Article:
Compulsive Shopping Disorder is now diagnosed by psychiatrists with a prevalence estimated at 2-8% of people in the 1st world. It can be successfully treated with the drug citalopram as shown by a research study sponsored by a pharmaceutical company.
Is it possible that our society makes us mentally sick then sells us the cures to such sickness?
Life events and depression
There is a large body of evidence regarding recent adverse life events as factors in depression (e.g. Paykel et al, 1969: depressed patients reported 3 times as many adverse life events in the period prior to their depressive episode than non-depressed people).
These include redundancy, bereavement, trauma, imprisonment of self or a close family member, debt, poverty, loss of home, separation from or loss of a confidant.
Long-term risk factors include abuse and neglect in childhood, death of mother during childhood, social isolation and loneliness, lack of power, and poverty.
Research of this kind is no longer state funded in USA (since Reagan and the decade of the brain) or referred to in Psychology and Psychiatry textbooks. Why is there a reluctance to look outside ourselves and our individual bodies to our environment when trying to explain human distress?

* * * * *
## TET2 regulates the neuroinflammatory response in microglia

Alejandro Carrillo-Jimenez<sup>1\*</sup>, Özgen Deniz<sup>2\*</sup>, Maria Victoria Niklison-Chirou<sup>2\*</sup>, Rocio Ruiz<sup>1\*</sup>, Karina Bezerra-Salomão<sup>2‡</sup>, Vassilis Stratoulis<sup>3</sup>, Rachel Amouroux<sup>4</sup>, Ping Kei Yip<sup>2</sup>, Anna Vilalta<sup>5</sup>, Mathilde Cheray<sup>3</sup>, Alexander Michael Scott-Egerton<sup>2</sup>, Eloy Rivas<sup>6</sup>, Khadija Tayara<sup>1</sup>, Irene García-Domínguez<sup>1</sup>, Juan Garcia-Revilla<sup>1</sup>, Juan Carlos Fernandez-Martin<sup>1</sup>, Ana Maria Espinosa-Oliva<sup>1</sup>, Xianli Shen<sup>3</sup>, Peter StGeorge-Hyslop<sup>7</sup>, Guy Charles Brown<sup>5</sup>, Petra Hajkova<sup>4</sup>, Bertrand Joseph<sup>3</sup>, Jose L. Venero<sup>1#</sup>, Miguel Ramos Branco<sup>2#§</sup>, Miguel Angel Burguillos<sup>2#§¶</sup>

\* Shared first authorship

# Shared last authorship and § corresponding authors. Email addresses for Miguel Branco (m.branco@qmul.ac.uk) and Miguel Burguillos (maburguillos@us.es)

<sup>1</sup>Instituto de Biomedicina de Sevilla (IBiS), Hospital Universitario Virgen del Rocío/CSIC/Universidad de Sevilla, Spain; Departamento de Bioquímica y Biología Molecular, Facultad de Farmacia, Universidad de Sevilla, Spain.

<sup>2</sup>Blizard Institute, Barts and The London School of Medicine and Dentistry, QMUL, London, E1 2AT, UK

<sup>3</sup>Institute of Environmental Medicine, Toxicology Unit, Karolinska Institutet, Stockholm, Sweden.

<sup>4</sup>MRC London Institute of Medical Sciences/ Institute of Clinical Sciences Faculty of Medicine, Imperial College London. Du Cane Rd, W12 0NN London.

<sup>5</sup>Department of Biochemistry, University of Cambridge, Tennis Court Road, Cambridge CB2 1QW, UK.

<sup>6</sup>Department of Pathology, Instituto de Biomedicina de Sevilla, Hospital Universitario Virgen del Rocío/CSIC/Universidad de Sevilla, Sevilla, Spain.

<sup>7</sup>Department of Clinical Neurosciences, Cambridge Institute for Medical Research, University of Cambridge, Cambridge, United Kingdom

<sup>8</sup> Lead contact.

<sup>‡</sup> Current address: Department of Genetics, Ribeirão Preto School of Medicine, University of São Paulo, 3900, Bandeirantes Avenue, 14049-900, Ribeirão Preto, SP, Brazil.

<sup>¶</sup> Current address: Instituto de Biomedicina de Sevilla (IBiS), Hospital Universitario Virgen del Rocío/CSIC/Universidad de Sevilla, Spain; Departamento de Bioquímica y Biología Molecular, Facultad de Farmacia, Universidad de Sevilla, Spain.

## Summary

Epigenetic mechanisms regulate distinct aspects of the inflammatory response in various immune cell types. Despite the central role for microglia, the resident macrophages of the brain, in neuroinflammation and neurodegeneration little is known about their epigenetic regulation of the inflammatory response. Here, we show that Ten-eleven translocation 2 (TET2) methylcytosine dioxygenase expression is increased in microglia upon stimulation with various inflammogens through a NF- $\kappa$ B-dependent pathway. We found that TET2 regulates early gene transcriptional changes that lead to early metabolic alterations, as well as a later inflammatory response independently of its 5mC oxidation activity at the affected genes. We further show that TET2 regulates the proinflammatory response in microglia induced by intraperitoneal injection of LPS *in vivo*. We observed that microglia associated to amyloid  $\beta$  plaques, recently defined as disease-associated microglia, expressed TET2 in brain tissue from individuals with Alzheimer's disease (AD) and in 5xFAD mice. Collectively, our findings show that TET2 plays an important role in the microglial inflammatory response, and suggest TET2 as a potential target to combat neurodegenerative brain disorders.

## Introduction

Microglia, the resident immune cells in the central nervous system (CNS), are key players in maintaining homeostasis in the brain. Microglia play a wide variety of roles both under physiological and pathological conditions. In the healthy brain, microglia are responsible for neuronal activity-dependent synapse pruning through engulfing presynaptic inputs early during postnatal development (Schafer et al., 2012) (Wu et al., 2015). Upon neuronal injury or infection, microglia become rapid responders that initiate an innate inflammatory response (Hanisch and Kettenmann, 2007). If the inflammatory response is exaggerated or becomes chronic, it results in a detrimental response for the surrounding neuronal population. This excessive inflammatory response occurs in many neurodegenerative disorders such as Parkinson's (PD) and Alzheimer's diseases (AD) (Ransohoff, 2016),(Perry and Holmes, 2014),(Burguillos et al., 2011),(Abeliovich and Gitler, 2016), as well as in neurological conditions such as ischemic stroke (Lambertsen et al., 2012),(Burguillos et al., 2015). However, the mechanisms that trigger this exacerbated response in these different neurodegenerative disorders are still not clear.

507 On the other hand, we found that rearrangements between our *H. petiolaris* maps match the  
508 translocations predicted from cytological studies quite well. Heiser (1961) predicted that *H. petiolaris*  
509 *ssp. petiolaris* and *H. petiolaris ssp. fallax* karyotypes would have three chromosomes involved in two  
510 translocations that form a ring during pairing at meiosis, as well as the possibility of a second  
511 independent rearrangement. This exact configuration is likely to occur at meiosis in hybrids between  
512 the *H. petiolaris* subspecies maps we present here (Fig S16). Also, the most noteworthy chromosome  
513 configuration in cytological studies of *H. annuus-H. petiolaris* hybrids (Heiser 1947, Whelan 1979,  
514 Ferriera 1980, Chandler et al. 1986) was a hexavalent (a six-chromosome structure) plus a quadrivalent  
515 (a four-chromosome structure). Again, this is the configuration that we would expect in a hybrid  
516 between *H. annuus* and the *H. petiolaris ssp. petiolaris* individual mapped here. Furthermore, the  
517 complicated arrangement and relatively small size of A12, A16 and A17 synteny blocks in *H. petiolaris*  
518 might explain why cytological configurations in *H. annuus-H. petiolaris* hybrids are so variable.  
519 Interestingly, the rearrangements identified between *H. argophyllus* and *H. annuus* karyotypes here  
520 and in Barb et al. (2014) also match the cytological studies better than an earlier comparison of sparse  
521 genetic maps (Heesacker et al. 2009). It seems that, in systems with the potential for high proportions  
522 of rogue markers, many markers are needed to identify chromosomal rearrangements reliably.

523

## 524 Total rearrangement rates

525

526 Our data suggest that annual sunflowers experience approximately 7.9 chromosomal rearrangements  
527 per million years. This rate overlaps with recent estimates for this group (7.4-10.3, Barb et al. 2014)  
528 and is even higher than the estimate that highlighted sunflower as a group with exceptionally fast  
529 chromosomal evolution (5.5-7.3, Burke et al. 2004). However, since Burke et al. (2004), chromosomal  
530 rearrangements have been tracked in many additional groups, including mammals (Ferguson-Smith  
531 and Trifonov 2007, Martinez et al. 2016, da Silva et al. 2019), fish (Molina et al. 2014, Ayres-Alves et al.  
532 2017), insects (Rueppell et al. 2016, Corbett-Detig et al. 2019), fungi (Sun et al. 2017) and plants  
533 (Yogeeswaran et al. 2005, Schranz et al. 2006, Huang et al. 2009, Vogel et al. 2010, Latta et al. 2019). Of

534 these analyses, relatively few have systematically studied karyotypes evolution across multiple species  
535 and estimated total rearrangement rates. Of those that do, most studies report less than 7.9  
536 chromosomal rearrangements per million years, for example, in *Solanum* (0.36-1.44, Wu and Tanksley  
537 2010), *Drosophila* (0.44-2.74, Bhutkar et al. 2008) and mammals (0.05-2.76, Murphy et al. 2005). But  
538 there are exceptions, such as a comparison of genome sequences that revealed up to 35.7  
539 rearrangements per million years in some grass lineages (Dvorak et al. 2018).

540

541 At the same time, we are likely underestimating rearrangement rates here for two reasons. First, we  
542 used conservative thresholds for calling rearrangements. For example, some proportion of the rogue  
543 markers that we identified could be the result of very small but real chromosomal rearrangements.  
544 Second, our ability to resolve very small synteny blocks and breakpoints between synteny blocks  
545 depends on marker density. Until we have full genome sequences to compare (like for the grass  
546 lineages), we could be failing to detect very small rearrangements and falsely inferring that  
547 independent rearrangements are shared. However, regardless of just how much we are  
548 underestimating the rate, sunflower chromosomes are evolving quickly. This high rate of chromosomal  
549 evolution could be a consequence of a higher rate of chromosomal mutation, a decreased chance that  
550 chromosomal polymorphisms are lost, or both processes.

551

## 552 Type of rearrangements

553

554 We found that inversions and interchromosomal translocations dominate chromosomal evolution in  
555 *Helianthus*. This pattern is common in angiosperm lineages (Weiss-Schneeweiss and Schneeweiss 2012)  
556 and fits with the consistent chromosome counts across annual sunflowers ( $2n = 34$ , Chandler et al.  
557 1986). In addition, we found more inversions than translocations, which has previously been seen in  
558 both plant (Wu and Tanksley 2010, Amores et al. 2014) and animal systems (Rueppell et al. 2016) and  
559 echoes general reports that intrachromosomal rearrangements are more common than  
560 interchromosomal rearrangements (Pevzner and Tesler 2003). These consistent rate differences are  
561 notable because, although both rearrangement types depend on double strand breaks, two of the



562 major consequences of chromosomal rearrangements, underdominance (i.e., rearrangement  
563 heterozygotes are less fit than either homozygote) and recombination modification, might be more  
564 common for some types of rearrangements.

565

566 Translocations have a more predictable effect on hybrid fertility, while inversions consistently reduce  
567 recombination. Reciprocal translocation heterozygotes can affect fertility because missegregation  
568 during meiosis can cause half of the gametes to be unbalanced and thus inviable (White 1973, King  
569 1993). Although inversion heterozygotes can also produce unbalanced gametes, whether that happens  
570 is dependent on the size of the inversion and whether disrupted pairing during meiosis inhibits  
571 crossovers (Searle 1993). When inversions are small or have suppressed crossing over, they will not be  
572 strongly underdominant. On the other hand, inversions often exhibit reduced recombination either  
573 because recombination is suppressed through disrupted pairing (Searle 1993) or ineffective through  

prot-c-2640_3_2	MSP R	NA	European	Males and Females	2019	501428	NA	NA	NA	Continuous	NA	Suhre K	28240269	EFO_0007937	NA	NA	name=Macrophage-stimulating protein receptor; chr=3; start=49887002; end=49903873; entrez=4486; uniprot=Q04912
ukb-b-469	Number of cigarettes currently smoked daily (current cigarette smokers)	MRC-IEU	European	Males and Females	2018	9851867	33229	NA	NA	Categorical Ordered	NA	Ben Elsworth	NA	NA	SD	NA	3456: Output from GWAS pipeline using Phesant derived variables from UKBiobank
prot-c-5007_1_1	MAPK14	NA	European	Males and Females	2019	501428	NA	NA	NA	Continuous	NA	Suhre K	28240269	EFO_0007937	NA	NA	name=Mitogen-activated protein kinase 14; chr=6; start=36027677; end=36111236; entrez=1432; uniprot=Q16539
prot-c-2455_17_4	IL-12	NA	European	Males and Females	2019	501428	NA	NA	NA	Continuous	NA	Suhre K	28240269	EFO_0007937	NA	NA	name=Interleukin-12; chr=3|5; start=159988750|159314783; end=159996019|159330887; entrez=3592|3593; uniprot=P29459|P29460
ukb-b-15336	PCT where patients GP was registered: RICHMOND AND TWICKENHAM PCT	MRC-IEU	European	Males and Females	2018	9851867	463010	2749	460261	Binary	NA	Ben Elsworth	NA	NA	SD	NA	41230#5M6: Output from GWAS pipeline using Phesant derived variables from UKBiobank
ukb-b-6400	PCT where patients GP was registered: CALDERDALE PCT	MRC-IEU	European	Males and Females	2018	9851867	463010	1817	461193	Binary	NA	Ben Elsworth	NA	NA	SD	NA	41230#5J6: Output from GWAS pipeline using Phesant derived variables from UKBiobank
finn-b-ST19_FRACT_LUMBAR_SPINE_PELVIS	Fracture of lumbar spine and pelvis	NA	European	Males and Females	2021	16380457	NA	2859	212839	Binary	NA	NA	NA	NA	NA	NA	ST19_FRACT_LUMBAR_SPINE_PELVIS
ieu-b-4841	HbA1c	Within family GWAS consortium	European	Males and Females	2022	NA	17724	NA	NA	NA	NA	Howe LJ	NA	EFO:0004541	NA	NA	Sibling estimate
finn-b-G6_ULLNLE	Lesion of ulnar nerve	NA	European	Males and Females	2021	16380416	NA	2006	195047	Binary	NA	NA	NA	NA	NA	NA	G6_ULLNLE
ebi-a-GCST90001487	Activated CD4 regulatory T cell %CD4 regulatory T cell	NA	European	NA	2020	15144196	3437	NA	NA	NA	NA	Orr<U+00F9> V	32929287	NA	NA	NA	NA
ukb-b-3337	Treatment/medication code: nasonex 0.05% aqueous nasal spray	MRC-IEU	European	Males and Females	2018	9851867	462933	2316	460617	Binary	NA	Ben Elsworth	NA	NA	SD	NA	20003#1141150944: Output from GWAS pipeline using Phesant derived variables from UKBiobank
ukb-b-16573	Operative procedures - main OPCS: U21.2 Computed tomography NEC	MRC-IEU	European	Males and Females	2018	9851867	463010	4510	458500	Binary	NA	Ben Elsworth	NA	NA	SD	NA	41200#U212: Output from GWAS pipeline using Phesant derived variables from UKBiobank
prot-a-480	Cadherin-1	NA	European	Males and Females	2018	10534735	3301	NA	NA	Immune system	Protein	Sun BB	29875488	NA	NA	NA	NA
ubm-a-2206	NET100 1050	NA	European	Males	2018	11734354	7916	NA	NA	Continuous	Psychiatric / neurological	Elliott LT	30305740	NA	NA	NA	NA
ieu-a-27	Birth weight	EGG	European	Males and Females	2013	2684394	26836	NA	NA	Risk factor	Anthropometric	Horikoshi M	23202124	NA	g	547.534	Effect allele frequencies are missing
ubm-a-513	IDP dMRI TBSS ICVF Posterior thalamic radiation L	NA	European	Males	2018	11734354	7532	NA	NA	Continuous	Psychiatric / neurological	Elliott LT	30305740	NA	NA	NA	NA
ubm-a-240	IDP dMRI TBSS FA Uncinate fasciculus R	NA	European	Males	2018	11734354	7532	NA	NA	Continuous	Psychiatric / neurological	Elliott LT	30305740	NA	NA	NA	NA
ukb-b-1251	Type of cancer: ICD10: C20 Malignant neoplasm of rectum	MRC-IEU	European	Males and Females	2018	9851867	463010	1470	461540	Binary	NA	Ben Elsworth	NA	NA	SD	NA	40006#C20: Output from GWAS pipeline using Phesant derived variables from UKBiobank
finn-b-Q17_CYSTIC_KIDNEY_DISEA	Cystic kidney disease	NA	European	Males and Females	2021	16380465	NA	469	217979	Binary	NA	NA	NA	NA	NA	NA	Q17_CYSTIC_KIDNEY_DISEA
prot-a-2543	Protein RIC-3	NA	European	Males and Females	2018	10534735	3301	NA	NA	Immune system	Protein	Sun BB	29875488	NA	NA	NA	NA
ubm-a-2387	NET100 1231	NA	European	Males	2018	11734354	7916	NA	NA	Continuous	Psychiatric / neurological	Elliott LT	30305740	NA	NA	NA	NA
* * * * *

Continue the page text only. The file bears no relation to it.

David Smail (see his latest book Power, Interest and Psychology) refers to the Power Horizon, and how things that we notice tend to be things closest to us e.g. our emotional and physical reactions and people we are in contact with. Factors that might be more important are less noticed, are less in conscious awareness, and there are often powerful interests that want to mystify us in order to hinder our attempts to identify causes (or causes of causes) of our problems that do not suit their interests. Spin makes our heads spin.
Speeded up society
Exercise: How did you wash your face this morning?
Exercise: How much coffee, tea, high energy drinks (coke, lucozade, red bull) do you have per day?
Exercise: What are you like in queues?
Exercise: What are you like when using a computer that is old/not broadband?
Exercise: What % of books that you buy or start do you finish?
Exercise: How are you affected by there being over 1,000,000 different products in each Sainsbury’s store?
1 in 3 adults in Britain now say they ‘almost always feel rushed’.